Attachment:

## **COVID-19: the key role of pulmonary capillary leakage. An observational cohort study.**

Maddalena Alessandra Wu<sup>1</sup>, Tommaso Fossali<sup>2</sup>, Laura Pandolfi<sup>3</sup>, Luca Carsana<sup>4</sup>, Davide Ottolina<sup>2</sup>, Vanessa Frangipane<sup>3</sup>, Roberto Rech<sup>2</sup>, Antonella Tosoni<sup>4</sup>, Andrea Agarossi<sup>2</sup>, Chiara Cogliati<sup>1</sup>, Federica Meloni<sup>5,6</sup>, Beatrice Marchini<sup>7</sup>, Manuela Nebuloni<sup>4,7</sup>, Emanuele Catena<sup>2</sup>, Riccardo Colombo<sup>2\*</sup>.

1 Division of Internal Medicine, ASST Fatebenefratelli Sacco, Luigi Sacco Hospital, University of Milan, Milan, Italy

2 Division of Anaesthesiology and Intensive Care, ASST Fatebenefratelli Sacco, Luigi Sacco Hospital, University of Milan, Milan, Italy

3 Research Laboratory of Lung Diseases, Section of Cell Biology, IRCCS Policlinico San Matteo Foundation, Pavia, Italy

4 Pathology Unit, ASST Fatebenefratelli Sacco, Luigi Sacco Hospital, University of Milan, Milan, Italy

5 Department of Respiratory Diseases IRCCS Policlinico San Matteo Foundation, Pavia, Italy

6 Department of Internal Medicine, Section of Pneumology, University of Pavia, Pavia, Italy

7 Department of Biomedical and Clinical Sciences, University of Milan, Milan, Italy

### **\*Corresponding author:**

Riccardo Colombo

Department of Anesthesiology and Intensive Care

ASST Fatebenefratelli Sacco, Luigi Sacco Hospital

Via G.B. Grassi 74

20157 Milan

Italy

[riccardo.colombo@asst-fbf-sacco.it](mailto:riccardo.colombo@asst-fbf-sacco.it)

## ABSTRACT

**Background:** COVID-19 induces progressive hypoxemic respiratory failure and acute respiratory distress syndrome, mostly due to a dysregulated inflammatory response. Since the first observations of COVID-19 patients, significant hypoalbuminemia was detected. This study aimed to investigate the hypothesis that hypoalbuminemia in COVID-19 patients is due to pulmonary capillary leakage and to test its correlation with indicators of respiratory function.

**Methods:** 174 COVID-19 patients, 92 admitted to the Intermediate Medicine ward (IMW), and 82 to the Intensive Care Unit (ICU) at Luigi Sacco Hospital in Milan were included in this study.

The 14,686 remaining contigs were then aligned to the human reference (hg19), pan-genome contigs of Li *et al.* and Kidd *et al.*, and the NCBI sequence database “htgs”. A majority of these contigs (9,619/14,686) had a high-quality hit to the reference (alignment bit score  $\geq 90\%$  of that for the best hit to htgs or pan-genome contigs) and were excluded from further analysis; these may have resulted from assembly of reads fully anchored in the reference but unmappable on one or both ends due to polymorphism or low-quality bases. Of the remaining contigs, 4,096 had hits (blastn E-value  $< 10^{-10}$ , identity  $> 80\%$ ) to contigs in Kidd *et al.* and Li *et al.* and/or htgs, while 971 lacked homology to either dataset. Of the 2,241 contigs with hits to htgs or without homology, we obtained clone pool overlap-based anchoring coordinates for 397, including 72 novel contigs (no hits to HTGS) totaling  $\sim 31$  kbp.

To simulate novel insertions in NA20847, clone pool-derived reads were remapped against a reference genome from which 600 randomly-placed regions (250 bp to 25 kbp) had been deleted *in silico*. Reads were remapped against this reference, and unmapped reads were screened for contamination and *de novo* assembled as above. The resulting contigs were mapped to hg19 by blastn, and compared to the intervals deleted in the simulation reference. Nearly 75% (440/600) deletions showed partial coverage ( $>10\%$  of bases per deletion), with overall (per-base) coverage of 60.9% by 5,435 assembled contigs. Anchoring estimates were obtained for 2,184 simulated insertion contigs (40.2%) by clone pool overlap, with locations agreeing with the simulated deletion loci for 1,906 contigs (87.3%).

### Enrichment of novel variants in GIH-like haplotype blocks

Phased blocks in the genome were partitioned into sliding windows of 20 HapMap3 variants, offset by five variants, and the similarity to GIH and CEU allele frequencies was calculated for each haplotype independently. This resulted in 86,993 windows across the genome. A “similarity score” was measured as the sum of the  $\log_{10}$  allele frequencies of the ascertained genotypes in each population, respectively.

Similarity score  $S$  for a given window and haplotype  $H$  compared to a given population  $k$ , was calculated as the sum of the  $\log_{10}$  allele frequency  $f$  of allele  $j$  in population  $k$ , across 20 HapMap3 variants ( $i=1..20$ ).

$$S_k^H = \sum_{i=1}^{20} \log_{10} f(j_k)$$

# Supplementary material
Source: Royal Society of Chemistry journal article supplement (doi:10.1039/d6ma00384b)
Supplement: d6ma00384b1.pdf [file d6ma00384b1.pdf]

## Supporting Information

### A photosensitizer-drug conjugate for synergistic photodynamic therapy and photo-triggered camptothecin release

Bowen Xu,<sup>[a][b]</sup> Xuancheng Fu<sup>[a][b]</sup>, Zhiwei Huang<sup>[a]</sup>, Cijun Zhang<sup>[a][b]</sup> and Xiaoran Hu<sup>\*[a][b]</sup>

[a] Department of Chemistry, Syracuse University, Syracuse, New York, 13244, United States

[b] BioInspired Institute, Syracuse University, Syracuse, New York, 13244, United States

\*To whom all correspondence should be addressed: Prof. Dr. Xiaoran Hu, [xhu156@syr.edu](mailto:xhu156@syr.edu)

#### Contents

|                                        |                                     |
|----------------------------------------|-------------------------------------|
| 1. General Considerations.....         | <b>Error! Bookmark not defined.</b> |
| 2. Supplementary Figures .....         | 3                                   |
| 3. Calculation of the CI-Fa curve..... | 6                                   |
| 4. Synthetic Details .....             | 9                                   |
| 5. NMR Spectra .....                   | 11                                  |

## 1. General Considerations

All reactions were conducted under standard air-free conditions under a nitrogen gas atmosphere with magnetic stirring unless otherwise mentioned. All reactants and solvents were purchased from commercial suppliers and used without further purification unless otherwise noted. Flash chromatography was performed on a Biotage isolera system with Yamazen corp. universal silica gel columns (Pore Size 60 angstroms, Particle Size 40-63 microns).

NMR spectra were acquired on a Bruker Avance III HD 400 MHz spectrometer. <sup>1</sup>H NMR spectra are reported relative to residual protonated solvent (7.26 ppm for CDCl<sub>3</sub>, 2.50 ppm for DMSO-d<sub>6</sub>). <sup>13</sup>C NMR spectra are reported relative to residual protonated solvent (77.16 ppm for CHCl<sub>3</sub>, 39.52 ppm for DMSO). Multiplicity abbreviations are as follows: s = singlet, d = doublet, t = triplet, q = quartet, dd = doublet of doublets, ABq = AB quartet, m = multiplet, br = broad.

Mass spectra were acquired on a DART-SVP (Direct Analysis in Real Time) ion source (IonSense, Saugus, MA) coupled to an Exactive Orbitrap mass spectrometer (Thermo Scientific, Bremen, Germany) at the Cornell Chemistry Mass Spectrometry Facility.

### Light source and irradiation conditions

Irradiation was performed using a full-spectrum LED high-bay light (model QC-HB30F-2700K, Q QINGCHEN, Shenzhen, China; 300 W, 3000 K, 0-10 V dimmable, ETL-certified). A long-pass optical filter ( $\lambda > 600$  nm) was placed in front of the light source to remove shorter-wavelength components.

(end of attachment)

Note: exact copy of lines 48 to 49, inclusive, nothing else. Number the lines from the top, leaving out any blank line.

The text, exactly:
### Light source and irradiation conditions

Irradiation was performed using a full-spectrum LED high-bay light (model QC-HB30F-2700K, Q QINGCHEN, Shenzhen, China; 300 W, 3000 K, 0-10 V dimmable, ETL-certified). A long-pass optical filter ( $\lambda > 600$  nm) was placed in front of the light source to remove shorter-wavelength components.